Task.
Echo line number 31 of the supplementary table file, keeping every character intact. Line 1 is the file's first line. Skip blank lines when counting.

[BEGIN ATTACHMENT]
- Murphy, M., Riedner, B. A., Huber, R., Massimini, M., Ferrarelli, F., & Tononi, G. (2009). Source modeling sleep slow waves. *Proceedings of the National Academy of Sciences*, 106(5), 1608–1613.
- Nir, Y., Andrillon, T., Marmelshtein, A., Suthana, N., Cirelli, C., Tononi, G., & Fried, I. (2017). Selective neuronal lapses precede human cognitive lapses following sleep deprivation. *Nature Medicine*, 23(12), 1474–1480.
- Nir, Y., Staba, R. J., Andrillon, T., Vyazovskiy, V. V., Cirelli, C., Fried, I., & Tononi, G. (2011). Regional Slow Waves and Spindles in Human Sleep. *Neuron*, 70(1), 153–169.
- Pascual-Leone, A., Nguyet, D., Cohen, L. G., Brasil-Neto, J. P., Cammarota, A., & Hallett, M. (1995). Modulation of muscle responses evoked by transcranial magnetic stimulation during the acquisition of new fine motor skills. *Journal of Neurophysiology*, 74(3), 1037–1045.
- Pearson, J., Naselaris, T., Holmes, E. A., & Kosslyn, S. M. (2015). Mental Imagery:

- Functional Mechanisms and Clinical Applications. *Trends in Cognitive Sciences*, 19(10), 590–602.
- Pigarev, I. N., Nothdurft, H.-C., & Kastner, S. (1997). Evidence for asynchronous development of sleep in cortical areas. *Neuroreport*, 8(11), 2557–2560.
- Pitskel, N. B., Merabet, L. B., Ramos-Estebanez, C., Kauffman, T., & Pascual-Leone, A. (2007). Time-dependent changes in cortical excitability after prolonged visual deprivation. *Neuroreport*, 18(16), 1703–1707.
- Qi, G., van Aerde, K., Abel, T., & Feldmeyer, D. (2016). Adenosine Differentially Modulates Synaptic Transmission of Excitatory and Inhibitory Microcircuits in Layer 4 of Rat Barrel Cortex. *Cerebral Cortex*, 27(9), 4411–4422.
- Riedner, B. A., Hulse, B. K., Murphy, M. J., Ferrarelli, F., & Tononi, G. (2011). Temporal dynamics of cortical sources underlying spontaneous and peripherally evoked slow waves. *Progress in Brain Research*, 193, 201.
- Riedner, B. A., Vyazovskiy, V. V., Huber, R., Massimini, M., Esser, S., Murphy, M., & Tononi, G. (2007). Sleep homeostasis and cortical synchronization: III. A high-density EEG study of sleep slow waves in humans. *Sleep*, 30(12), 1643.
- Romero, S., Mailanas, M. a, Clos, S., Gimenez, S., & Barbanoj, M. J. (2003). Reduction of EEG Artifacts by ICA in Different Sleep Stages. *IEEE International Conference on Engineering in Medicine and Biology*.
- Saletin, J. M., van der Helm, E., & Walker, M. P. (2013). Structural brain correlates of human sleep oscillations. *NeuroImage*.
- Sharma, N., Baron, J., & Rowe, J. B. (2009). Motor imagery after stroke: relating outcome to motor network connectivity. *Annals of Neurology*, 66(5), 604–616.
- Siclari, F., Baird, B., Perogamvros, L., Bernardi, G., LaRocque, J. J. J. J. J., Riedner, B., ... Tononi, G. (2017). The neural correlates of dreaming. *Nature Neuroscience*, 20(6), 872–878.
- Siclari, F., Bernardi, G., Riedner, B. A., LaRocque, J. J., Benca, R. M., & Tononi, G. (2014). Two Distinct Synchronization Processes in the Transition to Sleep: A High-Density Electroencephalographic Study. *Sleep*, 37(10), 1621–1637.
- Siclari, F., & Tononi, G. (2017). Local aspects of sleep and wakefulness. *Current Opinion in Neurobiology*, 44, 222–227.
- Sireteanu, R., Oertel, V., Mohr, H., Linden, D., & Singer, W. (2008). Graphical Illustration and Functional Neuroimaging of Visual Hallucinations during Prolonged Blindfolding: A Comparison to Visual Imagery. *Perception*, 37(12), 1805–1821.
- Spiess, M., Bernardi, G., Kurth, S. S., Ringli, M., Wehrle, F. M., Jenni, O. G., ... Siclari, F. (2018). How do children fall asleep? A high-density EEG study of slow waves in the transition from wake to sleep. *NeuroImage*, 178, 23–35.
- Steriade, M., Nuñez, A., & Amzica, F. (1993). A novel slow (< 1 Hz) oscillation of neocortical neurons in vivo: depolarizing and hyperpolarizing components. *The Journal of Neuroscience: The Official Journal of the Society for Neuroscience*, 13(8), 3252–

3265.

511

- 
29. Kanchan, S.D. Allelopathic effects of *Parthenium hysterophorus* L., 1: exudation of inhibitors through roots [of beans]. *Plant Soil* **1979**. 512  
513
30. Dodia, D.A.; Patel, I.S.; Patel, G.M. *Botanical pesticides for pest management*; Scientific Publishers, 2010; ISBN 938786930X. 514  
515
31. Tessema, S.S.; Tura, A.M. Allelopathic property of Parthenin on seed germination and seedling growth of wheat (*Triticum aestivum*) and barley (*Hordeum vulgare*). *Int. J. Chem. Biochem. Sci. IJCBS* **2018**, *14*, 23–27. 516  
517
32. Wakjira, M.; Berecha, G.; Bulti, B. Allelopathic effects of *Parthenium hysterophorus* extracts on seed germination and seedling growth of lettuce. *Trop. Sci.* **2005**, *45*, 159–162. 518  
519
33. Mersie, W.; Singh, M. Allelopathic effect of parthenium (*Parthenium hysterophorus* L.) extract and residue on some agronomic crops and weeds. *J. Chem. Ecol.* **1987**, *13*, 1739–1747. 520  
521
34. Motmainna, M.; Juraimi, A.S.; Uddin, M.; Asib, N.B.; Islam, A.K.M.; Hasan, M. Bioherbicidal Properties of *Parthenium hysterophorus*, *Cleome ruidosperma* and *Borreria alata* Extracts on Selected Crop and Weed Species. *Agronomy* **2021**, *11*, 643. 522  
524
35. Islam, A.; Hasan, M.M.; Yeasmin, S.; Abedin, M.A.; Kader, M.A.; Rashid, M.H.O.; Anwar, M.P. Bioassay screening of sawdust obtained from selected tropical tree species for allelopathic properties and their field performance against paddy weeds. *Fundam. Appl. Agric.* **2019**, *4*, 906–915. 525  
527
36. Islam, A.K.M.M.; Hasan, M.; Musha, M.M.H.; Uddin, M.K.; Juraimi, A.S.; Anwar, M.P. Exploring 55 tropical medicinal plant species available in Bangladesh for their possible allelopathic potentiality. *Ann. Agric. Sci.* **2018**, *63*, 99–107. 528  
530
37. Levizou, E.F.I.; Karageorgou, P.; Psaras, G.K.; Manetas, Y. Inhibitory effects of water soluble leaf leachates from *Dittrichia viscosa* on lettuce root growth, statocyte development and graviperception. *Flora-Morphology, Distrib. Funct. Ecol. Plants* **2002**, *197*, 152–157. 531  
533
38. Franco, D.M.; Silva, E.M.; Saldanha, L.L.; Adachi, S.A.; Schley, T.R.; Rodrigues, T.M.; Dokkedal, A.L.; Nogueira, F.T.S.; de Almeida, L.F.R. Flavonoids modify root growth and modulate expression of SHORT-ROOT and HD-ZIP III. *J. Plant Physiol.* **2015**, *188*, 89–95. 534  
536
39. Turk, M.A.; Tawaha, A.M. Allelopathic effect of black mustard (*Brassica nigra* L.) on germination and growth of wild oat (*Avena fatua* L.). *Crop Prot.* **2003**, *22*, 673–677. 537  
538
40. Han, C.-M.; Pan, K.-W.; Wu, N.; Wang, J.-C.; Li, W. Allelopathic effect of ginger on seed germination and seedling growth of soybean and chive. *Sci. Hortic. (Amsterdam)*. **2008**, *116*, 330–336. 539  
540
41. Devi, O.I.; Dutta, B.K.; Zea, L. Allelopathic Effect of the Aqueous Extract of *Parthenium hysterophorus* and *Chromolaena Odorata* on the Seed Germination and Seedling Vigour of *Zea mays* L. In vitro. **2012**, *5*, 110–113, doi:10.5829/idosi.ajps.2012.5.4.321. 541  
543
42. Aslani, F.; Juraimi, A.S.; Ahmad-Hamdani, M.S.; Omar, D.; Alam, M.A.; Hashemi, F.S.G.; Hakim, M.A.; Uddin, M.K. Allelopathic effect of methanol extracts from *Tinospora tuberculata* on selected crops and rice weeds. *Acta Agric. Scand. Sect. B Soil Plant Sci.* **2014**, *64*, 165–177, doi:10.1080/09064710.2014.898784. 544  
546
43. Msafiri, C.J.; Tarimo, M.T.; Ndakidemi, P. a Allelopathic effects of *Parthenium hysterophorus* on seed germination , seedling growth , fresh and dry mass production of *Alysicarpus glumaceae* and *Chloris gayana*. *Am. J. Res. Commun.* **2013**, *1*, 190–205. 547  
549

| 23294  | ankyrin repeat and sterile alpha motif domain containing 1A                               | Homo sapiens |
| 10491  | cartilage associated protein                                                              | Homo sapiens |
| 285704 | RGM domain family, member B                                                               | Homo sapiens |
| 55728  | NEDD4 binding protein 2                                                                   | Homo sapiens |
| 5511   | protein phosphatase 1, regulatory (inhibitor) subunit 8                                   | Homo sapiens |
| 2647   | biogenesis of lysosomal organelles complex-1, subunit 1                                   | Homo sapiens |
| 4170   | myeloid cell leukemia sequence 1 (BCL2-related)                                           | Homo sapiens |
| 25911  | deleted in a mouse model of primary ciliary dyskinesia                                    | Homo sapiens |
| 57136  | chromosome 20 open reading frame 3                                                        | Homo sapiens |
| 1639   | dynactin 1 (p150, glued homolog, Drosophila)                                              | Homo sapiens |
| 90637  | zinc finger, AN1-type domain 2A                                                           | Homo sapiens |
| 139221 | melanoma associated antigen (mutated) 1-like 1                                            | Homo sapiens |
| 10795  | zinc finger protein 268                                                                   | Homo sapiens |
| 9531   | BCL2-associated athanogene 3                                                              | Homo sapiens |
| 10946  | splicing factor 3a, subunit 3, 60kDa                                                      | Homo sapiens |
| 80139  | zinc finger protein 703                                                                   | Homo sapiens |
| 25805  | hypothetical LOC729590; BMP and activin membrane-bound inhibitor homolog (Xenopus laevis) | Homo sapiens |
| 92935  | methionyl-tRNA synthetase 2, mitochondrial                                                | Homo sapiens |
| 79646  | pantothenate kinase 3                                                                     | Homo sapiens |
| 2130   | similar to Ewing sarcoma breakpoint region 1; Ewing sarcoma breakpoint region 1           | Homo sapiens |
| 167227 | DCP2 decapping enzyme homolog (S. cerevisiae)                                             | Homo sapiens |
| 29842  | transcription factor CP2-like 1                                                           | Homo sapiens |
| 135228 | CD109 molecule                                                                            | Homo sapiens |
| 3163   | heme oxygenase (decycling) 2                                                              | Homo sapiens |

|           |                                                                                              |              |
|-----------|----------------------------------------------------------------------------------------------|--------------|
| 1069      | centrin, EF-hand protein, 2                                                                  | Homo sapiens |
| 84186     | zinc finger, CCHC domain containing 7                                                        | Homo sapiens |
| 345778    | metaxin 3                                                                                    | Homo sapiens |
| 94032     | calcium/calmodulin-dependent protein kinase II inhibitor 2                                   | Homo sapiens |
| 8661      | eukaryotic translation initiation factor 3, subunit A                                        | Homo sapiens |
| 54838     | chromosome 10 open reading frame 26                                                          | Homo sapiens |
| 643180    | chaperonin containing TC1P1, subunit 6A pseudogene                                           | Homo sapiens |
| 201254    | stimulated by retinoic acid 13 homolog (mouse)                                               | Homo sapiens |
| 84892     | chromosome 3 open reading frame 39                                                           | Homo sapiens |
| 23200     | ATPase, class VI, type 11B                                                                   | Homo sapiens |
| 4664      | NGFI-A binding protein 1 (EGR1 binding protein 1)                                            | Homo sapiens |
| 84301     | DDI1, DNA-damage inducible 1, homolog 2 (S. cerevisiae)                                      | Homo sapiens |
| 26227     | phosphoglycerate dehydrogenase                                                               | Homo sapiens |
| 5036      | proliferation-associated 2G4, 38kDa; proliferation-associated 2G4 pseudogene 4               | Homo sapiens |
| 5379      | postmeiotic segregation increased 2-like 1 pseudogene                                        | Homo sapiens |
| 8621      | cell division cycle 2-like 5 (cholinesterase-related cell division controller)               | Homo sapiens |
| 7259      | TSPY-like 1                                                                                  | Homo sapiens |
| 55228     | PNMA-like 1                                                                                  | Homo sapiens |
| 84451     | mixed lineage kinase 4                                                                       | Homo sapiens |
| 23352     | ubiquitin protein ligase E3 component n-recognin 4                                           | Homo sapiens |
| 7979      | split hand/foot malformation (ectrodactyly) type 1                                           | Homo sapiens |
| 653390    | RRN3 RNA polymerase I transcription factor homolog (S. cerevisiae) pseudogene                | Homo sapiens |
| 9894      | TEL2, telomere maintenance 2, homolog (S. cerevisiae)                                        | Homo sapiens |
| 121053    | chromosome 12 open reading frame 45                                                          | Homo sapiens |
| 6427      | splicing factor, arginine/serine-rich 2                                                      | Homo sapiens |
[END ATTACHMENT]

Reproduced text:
519